The prelude to Conn's Sousaphone?

When C. G. Conn introduced his first Sousaphone to the world in January 1898, which shows up in Sousa's Band almost immediately, it wasn't the first big bass horn that he had created for a famous bandleader. A year or more earlier, T. P. Brooke had requested that Conn build him a giant tuba to be featured in his band.

From a newspaper ad in early 1897

In the February 7, 1897 edition of the Logansport [Indiana] Pharos-Tribune, we find this curious notice:

While I have yet to locate a drawing or photograph of this "monster tuba," we do know that it appeared in Brooke's band later that year. Here's what was reported in the September 29, 1897 edition of the Pittsburgh Daily Post:

But, as it turns out, this was not the only "immense tuba" to be seen in a big-time touring band at that time. Sousa, of course, already had his "Sousaphone," built by J. W. Pepper in 1895, and which toured with his band in 1896. But Frederick Innes also had Conn build him a giant bass horn for his band in 1897! (Did Brooke and Innes know of each other's dealings with Conn?!) Check out what appeared in the July 18, 1897 edition of The Tennessean:

So now we have a new "largest horn ever made" - although we don't yet know how it compared to Brooke's "monster tuba," as there are no specifications provided in the article. But there is a drawing of this beast of a helicon bass:

A week later, in the July 25, 1897 edition of The Tennessean, there is another drawing, this time of the entire band, featuring Innes' spectacular "giant tuba":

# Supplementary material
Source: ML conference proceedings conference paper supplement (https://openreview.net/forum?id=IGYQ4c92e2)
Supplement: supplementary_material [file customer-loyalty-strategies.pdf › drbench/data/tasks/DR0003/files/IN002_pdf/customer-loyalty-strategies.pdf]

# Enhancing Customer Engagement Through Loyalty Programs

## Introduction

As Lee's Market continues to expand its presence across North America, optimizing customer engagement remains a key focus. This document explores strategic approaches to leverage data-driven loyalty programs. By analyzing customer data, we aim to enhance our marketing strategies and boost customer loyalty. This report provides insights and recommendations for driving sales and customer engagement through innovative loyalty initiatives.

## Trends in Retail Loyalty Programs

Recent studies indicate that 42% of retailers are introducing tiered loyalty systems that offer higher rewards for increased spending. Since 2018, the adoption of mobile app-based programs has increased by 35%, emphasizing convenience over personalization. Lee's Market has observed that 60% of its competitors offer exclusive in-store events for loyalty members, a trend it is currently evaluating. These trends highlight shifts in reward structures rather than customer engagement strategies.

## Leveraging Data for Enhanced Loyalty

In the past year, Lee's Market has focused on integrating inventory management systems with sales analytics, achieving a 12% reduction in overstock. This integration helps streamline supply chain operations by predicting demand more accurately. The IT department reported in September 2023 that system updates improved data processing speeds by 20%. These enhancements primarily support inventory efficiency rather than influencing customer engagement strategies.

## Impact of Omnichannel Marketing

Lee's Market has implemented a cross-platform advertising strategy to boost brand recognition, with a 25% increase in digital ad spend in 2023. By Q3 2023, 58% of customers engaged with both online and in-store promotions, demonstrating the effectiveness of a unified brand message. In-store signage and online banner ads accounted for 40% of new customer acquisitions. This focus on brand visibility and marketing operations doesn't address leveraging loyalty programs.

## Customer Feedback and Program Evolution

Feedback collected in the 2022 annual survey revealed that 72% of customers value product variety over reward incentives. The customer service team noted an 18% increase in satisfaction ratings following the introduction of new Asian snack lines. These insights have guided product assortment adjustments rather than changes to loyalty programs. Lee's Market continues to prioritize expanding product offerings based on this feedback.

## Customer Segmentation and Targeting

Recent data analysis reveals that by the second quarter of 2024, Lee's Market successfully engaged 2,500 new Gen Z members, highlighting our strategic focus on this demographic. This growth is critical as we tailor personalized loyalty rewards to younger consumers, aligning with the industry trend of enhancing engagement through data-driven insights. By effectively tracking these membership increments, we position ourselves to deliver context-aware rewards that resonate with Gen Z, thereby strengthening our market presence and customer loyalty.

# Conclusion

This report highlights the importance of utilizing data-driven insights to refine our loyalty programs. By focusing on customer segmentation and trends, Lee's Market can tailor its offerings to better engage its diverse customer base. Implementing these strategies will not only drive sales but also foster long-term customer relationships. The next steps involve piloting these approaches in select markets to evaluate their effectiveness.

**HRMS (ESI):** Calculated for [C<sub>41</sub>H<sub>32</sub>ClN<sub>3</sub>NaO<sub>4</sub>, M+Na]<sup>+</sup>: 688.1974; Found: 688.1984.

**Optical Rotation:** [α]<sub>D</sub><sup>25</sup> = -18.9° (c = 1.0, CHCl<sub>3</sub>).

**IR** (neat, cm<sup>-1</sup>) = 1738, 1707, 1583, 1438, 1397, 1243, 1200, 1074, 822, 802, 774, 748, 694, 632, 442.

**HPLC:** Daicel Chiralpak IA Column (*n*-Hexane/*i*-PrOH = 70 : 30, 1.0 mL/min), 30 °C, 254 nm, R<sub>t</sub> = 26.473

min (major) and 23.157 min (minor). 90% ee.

We learn a bit more about both of these giant tubas in  H. W. Schwartz's wonderful work, Bands of America, published in 1957 (and, according to the dust cover back flap, Schwartz "was for many years an executive of C. G. Conn, Ltd." - how interesting!). He contends that Innes got wind of Brooke's plan to have Conn build for him the world's largest tuba, but "before it was finished, Innes placed his order for a bigger one - bigger by one inch in bell diameter!" (p. 181).

Schwartz also suggests that the reporter who wrote the article above, about "Innes' Giant Tuba," either
had an uninhibited imagination or (what is more probable) . . . was a young and gullible reporter who had the misfortune to fall into the hands of William Grett, the tuba player. Grett, with his tongue in his cheek, no doubt enjoyed talking about his big tuba and facetiously advanced the hypothesis that this one bass would take the place of four other basses, and that the reason for this was to save Innes money by requiring fewer players. The reporter thought Grett was leveling with him and wrote it up as the truth. (pp. 182-83).
Further, Schwartz wrote that "the facts about [Innes'] tuba came out in the Dominant, a musical magazine of relatively small circulation, edited primarily for professional musicians by Arthur A. Clappe" (p. 183). But I looked through issues of the Dominant from around that time, and couldn't locate what he found, which was this:
Clappe gave the relatively prosaic but accurate specifications of the tuba as weighing sixty-three pounds and as having three piston valves and a bell thirty-three inches in diameter. Its range was the same as any other tuba of the time, going down to the Bb which was in the third octave below middle C. Its principal distinction was its wide bore and sonorous tone quality. (p. 183).